SEBI’s Recent Proposal To Ease Delisting Norms Isn’t Ambitious Enough, Experts Say

SEBI’s recent proposal to ease delisting norms may not get public shareholders the best exit price, experts say.

The headquarters of the Securities and Exchange Board of India (SEBI) in Bandra-Kurla Complex, Mumbai, India. (Photographer: Sajeet Manghat/ BloombergQuint)
The headquarters of the Securities and Exchange Board of India (SEBI) in Bandra-Kurla Complex, Mumbai, India. (Photographer: Sajeet Manghat/ BloombergQuint)

The market regulator has proposed an easier route for certain companies to delist without following the delisting regulations.

The listed parent entity, the Securities and Exchange Board of India has proposed, can integrate its business with the listed subsidiary by providing a share swap to all shareholders of the listed subsidiary through a scheme of arrangement.

The proposal comes with certain safeguards like:

  • Exemption from delisting regulations to apply to only a scheme of arrangement between a listed subsidiary and its listed parent.
  • The scheme will need approval from stock exchanges, SEBI and National Company Law Tribunal.
  • Share-swap ratio will need to be determined by independent valuation of shares of the listed subsidiary and the listed parent.
  • Votes cast by public shareholders in favour of the proposal should be at least twice the number of votes cast by public shareholders against it.

This is a welcome proposal since it will facilitate more efficient capital markets—the present delisting norms create a hurdle for a willing buyer and willing seller to do a deal at the fair market value because of potential distortion caused by the reverse book building process, Harsh Pais, partner at Trilegal, said.

There have been a number of smaller steps that SEBI and the Ministry of Corporate Affairs have taken to facilitate the delisting process, Pais pointed out.

For instance, SEBI allowed the acquirer to make a counter offer to the book built price, and recently the MCA introduced specific rules for a shareholder of an unlisted company with at least 75 percent holding to buy out the minority via a scheme of arrangement. This was to cover the period after a delisting to enable the acquirer to gain 100 percent ownership.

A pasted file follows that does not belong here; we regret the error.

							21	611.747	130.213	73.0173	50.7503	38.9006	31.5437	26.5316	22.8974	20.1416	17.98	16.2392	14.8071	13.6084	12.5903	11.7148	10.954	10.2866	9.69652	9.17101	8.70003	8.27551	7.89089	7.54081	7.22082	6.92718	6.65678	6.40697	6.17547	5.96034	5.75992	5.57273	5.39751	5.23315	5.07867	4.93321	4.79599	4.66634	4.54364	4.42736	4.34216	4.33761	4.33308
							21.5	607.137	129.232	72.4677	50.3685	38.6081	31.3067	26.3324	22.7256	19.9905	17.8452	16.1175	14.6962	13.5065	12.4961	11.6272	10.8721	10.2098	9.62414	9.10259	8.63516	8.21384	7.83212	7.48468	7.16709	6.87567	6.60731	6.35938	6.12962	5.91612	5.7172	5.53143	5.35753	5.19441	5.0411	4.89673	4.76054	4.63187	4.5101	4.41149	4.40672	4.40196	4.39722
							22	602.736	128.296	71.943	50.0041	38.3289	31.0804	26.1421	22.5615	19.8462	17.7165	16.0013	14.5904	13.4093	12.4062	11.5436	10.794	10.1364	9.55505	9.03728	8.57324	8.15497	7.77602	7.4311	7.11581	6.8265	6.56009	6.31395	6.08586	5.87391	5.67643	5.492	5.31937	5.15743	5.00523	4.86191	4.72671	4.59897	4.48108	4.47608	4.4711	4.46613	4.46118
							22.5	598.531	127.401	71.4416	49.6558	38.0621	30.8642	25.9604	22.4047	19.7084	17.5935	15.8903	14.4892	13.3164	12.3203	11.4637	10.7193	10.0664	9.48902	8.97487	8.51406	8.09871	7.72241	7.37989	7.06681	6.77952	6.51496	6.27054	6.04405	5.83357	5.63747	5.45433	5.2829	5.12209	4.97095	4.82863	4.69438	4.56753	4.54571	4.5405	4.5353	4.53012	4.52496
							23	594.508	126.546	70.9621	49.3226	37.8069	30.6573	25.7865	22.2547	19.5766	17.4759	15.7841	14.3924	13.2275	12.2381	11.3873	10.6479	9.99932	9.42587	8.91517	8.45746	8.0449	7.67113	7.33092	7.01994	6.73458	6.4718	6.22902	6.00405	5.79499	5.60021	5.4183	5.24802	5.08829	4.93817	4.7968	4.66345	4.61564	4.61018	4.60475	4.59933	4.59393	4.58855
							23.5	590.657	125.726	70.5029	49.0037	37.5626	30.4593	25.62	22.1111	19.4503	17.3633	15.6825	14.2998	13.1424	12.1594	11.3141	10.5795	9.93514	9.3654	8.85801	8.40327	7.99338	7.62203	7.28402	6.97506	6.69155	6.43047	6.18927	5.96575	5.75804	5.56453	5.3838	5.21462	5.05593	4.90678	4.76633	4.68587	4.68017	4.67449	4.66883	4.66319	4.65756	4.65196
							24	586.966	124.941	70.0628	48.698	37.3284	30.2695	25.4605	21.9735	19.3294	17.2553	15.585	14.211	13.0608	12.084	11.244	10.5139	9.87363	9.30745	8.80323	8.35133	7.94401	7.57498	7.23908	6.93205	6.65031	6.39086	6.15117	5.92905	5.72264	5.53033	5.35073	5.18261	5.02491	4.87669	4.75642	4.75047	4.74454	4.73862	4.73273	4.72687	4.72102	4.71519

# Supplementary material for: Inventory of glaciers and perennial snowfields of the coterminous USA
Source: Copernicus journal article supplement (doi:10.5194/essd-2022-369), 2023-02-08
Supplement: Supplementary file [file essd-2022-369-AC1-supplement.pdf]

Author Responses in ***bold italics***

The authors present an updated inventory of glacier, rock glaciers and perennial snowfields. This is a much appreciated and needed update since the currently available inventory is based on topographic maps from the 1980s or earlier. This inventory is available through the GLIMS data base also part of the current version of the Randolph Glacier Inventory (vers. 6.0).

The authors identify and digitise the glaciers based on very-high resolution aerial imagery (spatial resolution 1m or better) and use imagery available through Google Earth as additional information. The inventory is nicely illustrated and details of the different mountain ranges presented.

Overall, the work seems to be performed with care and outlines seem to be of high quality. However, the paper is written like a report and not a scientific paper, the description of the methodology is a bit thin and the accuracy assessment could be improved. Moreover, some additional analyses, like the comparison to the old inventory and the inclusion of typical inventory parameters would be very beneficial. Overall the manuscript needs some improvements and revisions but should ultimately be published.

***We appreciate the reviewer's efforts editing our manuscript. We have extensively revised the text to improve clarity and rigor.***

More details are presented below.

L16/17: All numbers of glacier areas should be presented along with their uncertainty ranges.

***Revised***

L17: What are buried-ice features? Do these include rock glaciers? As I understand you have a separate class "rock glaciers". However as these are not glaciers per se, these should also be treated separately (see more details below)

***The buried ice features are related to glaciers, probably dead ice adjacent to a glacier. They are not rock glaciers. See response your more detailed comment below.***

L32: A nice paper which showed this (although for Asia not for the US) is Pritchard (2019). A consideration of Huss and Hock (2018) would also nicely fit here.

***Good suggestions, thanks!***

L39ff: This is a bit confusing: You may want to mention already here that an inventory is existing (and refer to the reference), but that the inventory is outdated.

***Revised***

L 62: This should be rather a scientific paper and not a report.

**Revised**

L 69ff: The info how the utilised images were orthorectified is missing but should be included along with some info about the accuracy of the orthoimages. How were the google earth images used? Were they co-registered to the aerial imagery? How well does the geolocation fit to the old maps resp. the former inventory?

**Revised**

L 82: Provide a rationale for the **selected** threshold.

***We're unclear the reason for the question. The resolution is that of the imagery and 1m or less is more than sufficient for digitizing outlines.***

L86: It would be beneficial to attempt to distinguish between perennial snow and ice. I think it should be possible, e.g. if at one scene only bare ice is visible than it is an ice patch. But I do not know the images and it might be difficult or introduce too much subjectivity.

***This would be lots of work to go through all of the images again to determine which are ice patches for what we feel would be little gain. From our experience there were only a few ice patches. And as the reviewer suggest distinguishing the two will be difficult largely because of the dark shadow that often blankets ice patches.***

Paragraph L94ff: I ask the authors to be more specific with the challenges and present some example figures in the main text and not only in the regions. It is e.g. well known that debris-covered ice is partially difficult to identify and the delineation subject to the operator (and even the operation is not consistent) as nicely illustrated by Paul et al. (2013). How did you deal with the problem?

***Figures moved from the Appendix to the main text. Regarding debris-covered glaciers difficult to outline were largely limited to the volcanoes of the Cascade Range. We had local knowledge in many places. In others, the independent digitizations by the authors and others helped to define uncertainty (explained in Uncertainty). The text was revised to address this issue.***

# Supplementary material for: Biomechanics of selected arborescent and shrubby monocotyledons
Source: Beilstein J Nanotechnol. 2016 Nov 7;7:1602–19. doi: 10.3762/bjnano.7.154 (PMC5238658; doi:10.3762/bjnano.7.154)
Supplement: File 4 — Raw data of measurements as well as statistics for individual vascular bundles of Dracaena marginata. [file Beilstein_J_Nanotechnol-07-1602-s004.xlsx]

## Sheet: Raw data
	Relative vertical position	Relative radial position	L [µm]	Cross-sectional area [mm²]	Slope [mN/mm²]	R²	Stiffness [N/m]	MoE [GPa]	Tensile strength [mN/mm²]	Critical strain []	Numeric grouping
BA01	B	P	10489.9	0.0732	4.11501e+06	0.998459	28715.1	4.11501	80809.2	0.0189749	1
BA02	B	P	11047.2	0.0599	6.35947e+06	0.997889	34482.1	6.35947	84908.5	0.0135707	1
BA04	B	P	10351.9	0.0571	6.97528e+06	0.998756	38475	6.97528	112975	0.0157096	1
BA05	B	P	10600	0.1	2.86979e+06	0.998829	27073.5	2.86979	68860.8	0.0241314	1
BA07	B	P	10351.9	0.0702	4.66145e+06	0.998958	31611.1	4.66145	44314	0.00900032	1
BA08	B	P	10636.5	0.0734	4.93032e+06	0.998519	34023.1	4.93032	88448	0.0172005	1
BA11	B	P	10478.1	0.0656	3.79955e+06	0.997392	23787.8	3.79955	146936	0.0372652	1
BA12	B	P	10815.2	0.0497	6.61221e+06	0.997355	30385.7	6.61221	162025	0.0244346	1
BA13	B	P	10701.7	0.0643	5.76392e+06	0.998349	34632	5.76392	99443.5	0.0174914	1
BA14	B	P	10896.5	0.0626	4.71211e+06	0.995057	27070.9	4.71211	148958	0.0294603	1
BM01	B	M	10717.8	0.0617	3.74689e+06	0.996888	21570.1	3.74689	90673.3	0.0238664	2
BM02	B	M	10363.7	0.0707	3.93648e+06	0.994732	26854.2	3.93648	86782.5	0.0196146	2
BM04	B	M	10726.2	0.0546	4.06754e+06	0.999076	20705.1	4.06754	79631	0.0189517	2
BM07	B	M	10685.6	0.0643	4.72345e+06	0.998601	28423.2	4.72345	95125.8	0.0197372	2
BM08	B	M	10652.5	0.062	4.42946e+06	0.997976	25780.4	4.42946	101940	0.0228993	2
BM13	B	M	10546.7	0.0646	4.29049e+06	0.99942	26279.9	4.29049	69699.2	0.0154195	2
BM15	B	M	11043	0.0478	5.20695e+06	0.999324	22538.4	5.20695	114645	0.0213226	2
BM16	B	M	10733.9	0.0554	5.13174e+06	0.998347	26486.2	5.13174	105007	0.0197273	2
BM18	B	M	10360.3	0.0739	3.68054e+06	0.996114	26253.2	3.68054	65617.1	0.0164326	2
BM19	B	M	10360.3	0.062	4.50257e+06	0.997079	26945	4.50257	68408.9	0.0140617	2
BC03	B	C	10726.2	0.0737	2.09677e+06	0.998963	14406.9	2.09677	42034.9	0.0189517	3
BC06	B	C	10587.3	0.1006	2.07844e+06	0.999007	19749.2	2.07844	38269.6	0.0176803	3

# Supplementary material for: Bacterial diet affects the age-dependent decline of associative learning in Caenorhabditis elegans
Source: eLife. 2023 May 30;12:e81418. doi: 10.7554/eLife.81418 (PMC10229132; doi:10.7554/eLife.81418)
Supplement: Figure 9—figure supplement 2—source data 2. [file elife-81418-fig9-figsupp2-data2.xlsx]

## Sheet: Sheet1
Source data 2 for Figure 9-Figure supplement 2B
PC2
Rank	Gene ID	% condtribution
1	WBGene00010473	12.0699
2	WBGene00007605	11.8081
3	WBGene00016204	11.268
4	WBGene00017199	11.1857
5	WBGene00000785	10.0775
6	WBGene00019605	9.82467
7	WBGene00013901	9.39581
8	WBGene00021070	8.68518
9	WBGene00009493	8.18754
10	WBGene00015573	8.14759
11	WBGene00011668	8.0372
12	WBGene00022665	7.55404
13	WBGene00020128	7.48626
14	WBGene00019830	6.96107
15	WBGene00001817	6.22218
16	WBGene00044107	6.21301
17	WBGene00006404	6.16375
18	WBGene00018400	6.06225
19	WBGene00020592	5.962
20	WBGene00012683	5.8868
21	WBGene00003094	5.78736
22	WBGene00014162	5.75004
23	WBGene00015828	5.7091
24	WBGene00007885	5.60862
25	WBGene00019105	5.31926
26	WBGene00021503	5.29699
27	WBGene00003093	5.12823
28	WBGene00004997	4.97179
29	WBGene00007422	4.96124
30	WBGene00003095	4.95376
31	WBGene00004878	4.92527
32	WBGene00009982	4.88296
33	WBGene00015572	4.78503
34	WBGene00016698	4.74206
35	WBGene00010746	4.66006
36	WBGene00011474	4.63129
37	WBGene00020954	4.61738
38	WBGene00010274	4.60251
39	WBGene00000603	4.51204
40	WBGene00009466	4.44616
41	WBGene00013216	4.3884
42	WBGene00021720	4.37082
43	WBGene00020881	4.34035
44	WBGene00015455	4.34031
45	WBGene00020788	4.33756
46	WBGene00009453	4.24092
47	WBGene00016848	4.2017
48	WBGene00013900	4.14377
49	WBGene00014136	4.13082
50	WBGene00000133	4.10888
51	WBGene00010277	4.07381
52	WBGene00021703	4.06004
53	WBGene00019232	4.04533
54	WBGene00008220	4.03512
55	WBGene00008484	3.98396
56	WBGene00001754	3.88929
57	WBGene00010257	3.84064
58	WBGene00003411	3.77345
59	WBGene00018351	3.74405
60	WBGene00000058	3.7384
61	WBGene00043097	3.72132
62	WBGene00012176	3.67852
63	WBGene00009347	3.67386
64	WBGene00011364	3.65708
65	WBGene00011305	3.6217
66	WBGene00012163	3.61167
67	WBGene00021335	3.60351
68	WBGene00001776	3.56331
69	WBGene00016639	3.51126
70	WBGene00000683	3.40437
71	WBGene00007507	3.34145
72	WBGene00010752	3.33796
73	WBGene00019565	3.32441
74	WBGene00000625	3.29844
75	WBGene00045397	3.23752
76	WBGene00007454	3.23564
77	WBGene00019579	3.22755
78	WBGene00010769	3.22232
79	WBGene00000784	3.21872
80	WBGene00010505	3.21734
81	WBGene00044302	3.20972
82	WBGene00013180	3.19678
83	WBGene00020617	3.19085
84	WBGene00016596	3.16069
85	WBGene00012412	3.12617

So, SEBI’s consultation paper is in line with the policy objective of streamlining delistings and buyouts. “But if what the regulator has proposed is good enough for a listed parent and listed subsidiary, why isn’t it good enough for a third party?” Pais asked.

If anything, in case of a third-party acquirer, there is greater basis to support the assumption of an arms’ length price. And if it’s fair to issue shares, why not an equivalent amount of cash? So, while this proposal is good, it’s quite limited in scope and could have been more ambitious.
Harsh Pais, Partner, Trilegal

Ambition aside, the proposal may not be in the best interest of all shareholders.

As per this proposal, valuation will happen for both the companies based on which share swap will be decided, Vyapak Desai, partner at Nishith Desai Associates, said. If delisting process is followed, through reverse book building, public shareholders can get an exit at a price higher than the market value—so that’s a concern which SEBI will have take into account, he said.

But more importantly, the biggest hurdle would be tax, Desai pointed out.

Presently, the public shareholders of the delisted entity cash out and tax is paid on the gains, if any. As per this proposal, they will get shares of the listed parent but gains, if any, may be taxable as accrued income. 
Vyapak Desai, Partner, Nishith Desai Associates

So, there has to be corresponding clarification from the tax department for the proposal to really work, he said.

SEBI has given stakeholders time till April 15 to share comments on its proposal.